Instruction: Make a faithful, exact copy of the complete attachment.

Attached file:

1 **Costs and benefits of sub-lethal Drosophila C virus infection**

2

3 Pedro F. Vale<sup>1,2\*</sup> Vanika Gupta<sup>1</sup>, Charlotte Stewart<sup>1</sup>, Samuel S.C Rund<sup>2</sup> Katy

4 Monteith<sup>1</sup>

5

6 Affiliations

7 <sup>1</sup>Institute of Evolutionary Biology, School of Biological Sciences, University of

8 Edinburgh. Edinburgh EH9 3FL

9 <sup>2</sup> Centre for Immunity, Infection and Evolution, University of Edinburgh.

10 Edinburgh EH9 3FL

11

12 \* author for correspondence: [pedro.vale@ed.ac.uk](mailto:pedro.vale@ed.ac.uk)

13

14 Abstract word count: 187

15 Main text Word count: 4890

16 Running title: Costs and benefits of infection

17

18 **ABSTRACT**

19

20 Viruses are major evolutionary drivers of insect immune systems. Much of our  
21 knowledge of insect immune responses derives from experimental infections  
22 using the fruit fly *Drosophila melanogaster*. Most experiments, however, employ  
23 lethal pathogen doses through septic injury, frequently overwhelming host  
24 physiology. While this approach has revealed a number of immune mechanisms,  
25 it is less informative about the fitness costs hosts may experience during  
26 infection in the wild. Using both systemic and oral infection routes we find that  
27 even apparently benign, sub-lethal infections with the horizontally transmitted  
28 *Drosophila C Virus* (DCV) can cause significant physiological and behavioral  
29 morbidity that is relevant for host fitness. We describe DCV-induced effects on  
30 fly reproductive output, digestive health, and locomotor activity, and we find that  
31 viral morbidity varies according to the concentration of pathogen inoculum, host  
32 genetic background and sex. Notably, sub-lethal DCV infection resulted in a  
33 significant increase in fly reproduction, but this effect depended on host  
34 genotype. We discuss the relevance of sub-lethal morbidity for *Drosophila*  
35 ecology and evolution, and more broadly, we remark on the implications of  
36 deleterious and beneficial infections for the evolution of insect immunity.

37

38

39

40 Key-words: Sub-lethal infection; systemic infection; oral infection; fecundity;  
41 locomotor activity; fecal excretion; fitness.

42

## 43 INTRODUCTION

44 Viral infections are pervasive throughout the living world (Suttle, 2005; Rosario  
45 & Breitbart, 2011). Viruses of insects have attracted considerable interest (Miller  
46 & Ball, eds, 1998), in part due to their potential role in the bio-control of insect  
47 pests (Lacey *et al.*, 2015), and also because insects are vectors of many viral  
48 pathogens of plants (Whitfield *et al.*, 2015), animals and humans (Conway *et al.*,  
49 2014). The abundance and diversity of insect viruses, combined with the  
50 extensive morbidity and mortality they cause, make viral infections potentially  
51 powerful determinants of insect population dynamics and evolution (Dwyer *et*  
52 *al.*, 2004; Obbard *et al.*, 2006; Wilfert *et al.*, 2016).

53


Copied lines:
1 **Costs and benefits of sub-lethal Drosophila C virus infection**

2

3 Pedro F. Vale<sup>1,2\*</sup> Vanika Gupta<sup>1</sup>, Charlotte Stewart<sup>1</sup>, Samuel S.C Rund<sup>2</sup> Katy

4 Monteith<sup>1</sup>

5

6 Affiliations

7 <sup>1</sup>Institute of Evolutionary Biology, School of Biological Sciences, University of

8 Edinburgh. Edinburgh EH9 3FL

9 <sup>2</sup> Centre for Immunity, Infection and Evolution, University of Edinburgh.

10 Edinburgh EH9 3FL

11

12 \* author for correspondence: [pedro.vale@ed.ac.uk](mailto:pedro.vale@ed.ac.uk)

13

14 Abstract word count: 187

15 Main text Word count: 4890

16 Running title: Costs and benefits of infection

17

18 **ABSTRACT**

19

20 Viruses are major evolutionary drivers of insect immune systems. Much of our  
21 knowledge of insect immune responses derives from experimental infections  
22 using the fruit fly *Drosophila melanogaster*. Most experiments, however, employ  
23 lethal pathogen doses through septic injury, frequently overwhelming host  
24 physiology. While this approach has revealed a number of immune mechanisms,  
25 it is less informative about the fitness costs hosts may experience during  
26 infection in the wild. Using both systemic and oral infection routes we find that  
27 even apparently benign, sub-lethal infections with the horizontally transmitted  
28 *Drosophila C Virus* (DCV) can cause significant physiological and behavioral  
29 morbidity that is relevant for host fitness. We describe DCV-induced effects on  
30 fly reproductive output, digestive health, and locomotor activity, and we find that  
31 viral morbidity varies according to the concentration of pathogen inoculum, host  
32 genetic background and sex. Notably, sub-lethal DCV infection resulted in a  
33 significant increase in fly reproduction, but this effect depended on host  
34 genotype. We discuss the relevance of sub-lethal morbidity for *Drosophila*  
35 ecology and evolution, and more broadly, we remark on the implications of  
36 deleterious and beneficial infections for the evolution of insect immunity.

37

38

39

40 Key-words: Sub-lethal infection; systemic infection; oral infection; fecundity;  
41 locomotor activity; fecal excretion; fitness.

42

## 43 INTRODUCTION

44 Viral infections are pervasive throughout the living world (Suttle, 2005; Rosario  
45 & Breitbart, 2011). Viruses of insects have attracted considerable interest (Miller  
46 & Ball, eds, 1998), in part due to their potential role in the bio-control of insect  
47 pests (Lacey *et al.*, 2015), and also because insects are vectors of many viral  
48 pathogens of plants (Whitfield *et al.*, 2015), animals and humans (Conway *et al.*,  
49 2014). The abundance and diversity of insect viruses, combined with the  
50 extensive morbidity and mortality they cause, make viral infections potentially  
51 powerful determinants of insect population dynamics and evolution (Dwyer *et*  
52 *al.*, 2004; Obbard *et al.*, 2006; Wilfert *et al.*, 2016).

53